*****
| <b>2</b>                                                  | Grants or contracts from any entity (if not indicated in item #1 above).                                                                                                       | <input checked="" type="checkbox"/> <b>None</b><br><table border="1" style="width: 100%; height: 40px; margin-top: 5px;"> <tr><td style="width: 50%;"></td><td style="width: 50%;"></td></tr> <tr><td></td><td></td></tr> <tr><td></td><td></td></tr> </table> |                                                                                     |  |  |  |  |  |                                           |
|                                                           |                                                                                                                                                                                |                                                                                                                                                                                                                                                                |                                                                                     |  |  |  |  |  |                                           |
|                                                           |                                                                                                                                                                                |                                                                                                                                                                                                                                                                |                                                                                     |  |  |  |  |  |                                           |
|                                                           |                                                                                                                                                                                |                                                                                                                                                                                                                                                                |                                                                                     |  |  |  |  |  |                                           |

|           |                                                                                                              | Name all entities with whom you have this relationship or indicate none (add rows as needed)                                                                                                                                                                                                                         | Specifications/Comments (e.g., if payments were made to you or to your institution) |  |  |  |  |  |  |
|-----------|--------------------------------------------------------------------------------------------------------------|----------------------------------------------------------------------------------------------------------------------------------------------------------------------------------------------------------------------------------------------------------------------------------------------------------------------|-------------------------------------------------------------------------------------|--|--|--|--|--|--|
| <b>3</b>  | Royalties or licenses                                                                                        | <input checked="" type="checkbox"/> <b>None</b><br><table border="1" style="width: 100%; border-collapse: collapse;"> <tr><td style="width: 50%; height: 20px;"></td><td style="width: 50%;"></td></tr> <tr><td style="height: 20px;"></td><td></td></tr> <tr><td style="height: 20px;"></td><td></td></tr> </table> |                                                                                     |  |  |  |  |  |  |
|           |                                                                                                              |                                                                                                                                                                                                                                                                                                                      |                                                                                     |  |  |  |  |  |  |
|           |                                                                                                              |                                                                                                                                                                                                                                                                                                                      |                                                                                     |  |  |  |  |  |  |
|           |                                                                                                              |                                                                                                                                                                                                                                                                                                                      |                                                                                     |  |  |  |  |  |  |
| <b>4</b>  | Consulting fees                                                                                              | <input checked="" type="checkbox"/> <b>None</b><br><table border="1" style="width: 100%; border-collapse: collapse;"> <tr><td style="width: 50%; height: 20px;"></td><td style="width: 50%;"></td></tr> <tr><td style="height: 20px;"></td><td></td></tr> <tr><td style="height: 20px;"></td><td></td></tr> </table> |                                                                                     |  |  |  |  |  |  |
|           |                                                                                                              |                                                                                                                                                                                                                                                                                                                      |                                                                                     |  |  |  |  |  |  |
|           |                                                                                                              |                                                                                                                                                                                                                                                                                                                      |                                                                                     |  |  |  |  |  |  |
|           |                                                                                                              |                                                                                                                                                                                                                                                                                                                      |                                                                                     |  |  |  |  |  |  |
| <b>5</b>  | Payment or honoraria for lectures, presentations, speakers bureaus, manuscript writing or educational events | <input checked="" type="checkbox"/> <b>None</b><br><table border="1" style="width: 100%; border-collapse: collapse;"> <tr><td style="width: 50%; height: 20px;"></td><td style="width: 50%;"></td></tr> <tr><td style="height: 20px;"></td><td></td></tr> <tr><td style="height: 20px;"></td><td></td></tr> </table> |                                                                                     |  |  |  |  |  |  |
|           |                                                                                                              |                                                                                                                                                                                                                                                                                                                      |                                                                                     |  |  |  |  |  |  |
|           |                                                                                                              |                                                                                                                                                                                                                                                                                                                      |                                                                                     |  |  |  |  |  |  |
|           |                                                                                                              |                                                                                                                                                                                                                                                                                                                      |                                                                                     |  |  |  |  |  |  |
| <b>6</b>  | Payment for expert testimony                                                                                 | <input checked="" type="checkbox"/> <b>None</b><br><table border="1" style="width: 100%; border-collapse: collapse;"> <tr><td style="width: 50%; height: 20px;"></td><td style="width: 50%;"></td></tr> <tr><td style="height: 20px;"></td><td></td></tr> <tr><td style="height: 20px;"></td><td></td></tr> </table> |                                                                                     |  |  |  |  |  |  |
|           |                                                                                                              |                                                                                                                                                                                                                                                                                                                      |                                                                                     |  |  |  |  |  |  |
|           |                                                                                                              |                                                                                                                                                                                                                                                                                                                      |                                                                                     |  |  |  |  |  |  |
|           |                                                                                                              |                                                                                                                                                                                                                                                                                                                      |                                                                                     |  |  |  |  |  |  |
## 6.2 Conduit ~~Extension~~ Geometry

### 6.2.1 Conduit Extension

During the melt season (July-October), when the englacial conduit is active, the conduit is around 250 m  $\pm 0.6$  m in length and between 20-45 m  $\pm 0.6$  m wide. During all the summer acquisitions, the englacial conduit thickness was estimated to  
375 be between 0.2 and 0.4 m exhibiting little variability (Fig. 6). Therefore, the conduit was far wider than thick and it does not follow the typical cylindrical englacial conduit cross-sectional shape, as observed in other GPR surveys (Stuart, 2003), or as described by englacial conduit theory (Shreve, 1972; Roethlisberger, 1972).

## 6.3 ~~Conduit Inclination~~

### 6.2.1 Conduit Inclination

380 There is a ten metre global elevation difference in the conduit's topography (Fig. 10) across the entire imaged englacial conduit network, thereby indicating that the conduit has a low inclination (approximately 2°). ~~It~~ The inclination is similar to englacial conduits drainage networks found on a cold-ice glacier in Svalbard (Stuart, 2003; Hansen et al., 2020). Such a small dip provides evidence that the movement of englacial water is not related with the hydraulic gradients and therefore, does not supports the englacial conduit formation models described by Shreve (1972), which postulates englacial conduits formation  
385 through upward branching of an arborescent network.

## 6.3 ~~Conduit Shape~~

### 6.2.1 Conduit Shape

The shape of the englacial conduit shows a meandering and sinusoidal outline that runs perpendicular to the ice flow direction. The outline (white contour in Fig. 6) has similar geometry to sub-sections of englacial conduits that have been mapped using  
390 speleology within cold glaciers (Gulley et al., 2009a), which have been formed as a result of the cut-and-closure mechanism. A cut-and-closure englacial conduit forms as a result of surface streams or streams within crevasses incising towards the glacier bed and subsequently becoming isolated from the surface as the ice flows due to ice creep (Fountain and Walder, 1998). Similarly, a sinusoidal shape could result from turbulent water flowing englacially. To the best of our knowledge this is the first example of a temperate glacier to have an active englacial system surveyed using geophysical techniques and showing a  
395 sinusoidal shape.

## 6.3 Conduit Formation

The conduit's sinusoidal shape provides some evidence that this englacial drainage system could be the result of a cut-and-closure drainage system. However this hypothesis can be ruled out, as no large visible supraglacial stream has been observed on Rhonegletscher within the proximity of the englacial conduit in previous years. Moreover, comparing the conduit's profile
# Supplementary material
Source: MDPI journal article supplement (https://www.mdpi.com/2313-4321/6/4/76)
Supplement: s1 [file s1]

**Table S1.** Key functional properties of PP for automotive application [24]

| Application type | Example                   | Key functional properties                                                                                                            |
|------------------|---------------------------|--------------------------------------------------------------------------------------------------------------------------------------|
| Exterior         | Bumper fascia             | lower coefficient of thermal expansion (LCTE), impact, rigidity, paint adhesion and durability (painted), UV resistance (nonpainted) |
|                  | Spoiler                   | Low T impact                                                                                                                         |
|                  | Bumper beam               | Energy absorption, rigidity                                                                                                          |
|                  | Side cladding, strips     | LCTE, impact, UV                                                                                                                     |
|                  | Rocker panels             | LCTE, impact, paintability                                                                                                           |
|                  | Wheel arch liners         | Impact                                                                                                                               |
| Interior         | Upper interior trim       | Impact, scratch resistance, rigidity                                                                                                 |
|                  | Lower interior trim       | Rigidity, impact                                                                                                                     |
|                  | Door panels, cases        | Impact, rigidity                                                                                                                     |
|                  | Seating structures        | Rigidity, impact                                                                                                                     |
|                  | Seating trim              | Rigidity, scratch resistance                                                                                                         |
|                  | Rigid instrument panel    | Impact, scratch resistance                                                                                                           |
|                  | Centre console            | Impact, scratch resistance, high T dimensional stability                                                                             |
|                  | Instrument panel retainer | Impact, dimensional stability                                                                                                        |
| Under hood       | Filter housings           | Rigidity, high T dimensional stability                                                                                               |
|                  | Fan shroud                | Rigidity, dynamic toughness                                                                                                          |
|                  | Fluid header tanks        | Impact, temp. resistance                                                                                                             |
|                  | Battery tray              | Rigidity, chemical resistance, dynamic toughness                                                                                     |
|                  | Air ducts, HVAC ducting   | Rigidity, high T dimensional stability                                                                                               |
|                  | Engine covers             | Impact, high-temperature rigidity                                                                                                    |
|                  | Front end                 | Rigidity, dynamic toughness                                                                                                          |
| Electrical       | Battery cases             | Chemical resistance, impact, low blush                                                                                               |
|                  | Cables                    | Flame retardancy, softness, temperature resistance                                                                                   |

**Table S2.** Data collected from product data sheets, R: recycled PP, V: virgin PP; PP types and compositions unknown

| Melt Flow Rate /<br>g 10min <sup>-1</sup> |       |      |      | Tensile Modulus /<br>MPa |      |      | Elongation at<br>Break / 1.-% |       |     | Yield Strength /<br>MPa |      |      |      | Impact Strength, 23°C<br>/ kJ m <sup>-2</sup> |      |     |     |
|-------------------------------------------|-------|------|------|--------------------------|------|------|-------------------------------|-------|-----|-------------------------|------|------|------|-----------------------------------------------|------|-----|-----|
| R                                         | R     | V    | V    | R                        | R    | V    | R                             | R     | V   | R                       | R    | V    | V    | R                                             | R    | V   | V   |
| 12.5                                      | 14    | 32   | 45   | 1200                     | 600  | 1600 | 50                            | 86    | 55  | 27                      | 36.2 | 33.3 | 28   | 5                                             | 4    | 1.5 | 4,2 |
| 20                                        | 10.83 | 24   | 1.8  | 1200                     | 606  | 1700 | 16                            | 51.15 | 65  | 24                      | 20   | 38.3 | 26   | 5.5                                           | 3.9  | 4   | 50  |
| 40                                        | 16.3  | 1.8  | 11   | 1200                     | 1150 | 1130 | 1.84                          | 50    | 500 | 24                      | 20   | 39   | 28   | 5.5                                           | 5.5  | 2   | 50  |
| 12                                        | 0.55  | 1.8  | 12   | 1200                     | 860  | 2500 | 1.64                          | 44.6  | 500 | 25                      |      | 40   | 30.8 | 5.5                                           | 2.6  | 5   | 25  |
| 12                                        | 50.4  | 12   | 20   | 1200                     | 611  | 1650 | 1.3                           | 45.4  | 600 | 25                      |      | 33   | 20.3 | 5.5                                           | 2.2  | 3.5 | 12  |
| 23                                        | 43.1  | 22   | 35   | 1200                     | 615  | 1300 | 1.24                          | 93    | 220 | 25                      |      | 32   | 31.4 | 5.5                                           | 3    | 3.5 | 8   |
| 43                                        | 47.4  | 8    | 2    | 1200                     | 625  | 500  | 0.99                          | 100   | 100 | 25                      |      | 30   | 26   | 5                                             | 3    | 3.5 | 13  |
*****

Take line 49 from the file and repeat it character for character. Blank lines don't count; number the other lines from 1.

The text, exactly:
|                  | Wheel arch liners         | Impact                                                                                                                               |